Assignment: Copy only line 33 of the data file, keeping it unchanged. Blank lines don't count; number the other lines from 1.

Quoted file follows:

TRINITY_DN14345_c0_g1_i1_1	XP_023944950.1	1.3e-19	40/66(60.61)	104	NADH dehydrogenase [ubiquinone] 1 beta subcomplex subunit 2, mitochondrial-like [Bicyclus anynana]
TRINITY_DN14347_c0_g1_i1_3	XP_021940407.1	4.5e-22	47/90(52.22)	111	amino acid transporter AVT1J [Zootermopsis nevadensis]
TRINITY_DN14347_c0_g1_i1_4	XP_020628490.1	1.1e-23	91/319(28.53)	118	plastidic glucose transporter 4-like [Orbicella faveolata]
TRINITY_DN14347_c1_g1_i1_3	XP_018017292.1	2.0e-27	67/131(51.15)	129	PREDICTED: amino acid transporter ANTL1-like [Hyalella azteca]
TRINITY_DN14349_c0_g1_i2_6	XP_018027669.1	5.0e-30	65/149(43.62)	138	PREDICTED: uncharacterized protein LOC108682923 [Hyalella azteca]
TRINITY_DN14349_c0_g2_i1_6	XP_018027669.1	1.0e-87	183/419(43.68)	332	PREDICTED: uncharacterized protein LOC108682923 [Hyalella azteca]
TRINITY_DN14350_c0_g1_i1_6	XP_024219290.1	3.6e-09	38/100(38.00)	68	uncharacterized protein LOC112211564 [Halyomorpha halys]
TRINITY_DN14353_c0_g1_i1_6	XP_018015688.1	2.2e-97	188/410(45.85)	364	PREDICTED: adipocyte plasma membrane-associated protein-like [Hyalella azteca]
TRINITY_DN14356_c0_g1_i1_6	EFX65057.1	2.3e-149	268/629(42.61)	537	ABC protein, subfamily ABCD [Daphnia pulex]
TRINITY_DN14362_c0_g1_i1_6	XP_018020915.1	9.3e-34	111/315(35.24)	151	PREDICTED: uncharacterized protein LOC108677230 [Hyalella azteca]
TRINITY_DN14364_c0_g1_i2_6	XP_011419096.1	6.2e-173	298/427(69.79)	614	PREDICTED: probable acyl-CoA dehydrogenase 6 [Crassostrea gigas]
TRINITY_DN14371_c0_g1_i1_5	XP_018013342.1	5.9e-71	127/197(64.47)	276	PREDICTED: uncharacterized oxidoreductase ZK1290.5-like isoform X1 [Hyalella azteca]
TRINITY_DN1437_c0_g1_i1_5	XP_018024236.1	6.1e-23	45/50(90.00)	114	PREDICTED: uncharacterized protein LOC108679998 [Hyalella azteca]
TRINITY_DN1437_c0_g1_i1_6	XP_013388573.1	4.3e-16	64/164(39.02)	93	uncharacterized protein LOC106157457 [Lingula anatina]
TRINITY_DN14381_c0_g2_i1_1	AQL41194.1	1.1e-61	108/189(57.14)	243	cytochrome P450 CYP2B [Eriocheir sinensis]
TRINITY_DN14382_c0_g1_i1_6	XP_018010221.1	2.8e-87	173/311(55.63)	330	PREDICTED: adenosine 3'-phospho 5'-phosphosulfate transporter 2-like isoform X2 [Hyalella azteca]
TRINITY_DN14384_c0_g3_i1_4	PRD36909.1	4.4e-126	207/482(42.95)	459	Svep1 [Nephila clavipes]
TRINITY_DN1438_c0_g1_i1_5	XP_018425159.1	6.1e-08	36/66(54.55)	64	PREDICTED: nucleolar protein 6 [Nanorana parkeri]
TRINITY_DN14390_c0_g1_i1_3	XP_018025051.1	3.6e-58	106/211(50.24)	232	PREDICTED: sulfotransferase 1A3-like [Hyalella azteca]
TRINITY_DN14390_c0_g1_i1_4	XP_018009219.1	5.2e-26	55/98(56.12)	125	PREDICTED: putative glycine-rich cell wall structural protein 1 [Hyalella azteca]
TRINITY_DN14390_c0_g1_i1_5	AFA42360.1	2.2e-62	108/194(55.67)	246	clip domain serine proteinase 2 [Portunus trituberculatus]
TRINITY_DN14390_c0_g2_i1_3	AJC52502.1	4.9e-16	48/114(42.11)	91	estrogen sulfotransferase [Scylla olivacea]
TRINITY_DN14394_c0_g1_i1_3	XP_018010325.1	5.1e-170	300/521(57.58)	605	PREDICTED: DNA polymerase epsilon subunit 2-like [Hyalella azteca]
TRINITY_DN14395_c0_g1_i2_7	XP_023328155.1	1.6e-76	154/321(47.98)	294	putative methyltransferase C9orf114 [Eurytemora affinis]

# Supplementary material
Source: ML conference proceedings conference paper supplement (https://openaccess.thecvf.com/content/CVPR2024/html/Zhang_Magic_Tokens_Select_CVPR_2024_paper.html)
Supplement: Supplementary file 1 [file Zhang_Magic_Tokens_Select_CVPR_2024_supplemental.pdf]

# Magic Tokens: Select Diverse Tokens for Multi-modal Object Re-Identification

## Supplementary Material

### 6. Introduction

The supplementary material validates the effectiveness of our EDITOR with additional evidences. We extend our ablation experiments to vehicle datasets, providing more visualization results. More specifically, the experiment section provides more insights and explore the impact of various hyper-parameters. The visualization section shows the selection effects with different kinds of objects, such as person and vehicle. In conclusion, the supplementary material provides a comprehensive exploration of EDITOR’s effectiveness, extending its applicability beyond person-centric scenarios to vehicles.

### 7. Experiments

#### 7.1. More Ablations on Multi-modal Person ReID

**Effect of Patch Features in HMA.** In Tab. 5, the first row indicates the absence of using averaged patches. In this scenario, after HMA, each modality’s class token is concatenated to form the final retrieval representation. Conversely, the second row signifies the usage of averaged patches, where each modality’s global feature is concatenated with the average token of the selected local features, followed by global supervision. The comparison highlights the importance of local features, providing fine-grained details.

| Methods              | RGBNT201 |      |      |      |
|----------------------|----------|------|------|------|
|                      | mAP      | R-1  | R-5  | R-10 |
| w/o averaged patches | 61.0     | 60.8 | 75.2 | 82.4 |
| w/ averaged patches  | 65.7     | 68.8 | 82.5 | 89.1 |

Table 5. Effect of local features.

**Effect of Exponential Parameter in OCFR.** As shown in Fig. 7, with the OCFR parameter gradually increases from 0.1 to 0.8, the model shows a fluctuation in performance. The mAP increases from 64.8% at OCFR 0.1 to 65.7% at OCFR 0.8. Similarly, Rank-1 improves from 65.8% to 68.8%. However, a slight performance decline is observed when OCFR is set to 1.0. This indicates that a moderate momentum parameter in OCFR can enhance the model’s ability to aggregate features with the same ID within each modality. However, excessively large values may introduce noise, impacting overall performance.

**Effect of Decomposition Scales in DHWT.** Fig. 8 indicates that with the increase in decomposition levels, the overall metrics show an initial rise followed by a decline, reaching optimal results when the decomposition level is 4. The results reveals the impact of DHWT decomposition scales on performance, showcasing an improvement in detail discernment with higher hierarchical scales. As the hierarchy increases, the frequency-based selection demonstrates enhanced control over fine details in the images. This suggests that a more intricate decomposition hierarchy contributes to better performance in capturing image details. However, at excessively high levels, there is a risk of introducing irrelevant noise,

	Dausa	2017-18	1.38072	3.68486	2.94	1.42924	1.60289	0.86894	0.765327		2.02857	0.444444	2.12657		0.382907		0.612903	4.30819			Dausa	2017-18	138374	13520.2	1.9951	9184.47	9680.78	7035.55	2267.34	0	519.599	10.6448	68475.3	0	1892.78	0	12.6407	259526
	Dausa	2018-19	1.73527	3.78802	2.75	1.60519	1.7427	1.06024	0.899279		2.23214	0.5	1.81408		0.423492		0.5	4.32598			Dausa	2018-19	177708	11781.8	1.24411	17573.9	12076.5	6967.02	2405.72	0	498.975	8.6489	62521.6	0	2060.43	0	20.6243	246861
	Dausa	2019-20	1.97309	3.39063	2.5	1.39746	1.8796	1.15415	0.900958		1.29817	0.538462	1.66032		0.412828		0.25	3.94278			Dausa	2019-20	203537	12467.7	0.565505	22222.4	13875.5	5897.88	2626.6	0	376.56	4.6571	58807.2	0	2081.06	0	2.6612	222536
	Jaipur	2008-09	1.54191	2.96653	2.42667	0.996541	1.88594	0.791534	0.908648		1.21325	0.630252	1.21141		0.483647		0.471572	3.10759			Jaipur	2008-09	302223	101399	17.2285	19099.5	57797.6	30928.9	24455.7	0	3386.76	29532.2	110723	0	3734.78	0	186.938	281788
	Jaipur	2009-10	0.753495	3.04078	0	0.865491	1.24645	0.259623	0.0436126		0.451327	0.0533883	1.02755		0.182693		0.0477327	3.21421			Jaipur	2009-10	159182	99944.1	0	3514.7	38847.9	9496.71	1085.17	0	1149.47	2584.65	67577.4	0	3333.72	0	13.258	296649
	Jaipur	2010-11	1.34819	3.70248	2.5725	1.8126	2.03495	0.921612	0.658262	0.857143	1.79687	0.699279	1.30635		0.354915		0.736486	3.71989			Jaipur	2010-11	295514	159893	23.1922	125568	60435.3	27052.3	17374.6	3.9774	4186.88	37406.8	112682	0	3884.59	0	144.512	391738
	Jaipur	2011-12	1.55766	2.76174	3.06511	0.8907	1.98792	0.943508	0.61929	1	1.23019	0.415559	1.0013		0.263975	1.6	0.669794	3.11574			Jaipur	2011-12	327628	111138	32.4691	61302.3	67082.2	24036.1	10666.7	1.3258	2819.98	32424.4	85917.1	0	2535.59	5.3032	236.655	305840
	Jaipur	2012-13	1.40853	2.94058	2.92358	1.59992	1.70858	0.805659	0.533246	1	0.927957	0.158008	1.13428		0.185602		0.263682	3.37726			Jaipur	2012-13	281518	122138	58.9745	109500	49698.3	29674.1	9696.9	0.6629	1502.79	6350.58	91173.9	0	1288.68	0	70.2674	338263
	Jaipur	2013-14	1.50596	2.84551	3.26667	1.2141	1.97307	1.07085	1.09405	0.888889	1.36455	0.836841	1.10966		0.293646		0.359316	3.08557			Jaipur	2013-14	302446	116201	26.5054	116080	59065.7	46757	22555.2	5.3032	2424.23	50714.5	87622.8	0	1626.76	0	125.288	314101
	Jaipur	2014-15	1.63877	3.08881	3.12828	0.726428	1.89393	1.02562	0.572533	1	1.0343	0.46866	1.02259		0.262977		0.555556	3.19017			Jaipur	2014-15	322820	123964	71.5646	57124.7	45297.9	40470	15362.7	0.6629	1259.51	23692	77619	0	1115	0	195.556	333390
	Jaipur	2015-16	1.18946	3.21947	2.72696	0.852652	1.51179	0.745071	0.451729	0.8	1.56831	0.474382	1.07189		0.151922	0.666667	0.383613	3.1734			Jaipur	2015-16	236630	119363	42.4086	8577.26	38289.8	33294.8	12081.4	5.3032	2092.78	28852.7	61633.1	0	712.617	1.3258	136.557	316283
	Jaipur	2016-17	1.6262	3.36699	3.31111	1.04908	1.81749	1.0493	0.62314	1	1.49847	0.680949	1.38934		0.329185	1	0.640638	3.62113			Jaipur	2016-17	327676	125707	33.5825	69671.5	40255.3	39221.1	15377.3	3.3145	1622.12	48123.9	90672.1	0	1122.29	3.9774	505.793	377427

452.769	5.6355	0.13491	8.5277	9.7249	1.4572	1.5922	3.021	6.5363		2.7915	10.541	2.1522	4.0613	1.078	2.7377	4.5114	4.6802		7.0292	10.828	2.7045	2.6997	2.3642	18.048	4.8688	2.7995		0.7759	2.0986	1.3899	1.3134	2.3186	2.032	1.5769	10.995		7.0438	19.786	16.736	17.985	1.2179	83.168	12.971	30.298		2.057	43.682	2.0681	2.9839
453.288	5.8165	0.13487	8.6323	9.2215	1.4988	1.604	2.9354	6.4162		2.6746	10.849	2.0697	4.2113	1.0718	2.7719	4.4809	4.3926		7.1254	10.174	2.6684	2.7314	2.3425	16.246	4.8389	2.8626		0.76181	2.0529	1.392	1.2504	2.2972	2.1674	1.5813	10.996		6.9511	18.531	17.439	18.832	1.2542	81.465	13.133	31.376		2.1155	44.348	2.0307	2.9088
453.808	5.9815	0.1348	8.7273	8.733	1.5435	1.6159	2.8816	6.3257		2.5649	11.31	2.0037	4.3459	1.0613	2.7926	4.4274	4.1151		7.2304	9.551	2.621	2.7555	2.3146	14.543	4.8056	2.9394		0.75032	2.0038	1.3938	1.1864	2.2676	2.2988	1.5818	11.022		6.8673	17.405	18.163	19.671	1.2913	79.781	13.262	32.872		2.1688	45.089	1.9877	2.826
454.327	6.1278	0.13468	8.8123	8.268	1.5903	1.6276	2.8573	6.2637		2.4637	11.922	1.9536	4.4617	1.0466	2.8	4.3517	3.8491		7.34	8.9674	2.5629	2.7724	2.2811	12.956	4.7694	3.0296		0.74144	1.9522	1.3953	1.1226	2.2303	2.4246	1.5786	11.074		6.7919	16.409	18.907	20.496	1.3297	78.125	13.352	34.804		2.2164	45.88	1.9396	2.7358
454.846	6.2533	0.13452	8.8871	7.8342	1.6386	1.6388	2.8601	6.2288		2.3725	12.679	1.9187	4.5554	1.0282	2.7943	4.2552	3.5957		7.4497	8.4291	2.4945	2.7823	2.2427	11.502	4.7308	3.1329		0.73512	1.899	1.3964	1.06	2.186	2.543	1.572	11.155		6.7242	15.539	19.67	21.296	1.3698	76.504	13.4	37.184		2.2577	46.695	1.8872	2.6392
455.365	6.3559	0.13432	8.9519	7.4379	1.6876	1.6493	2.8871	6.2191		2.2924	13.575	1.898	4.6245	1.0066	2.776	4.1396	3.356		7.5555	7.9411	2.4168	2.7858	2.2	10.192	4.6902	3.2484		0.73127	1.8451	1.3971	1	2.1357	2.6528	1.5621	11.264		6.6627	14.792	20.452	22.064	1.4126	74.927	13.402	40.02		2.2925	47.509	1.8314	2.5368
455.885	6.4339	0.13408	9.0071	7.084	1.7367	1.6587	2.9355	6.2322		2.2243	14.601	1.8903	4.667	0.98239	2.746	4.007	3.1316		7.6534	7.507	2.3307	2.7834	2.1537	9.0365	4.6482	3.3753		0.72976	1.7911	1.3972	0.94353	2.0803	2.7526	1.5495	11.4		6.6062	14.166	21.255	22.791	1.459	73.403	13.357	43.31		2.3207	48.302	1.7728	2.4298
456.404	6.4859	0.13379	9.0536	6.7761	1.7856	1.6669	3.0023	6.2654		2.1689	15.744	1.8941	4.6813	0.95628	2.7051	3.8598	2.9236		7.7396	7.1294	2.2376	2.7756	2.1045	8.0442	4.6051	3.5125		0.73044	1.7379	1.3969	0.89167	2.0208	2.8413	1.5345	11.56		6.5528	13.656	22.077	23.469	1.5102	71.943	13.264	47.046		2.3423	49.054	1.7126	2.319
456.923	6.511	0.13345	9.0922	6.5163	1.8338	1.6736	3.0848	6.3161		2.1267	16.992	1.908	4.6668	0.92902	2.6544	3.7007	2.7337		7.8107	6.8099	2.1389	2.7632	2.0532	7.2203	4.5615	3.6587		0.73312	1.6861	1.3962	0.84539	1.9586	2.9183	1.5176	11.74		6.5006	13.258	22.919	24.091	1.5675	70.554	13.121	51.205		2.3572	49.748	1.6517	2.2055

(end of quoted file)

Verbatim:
#### 7.1. More Ablations on Multi-modal Person ReID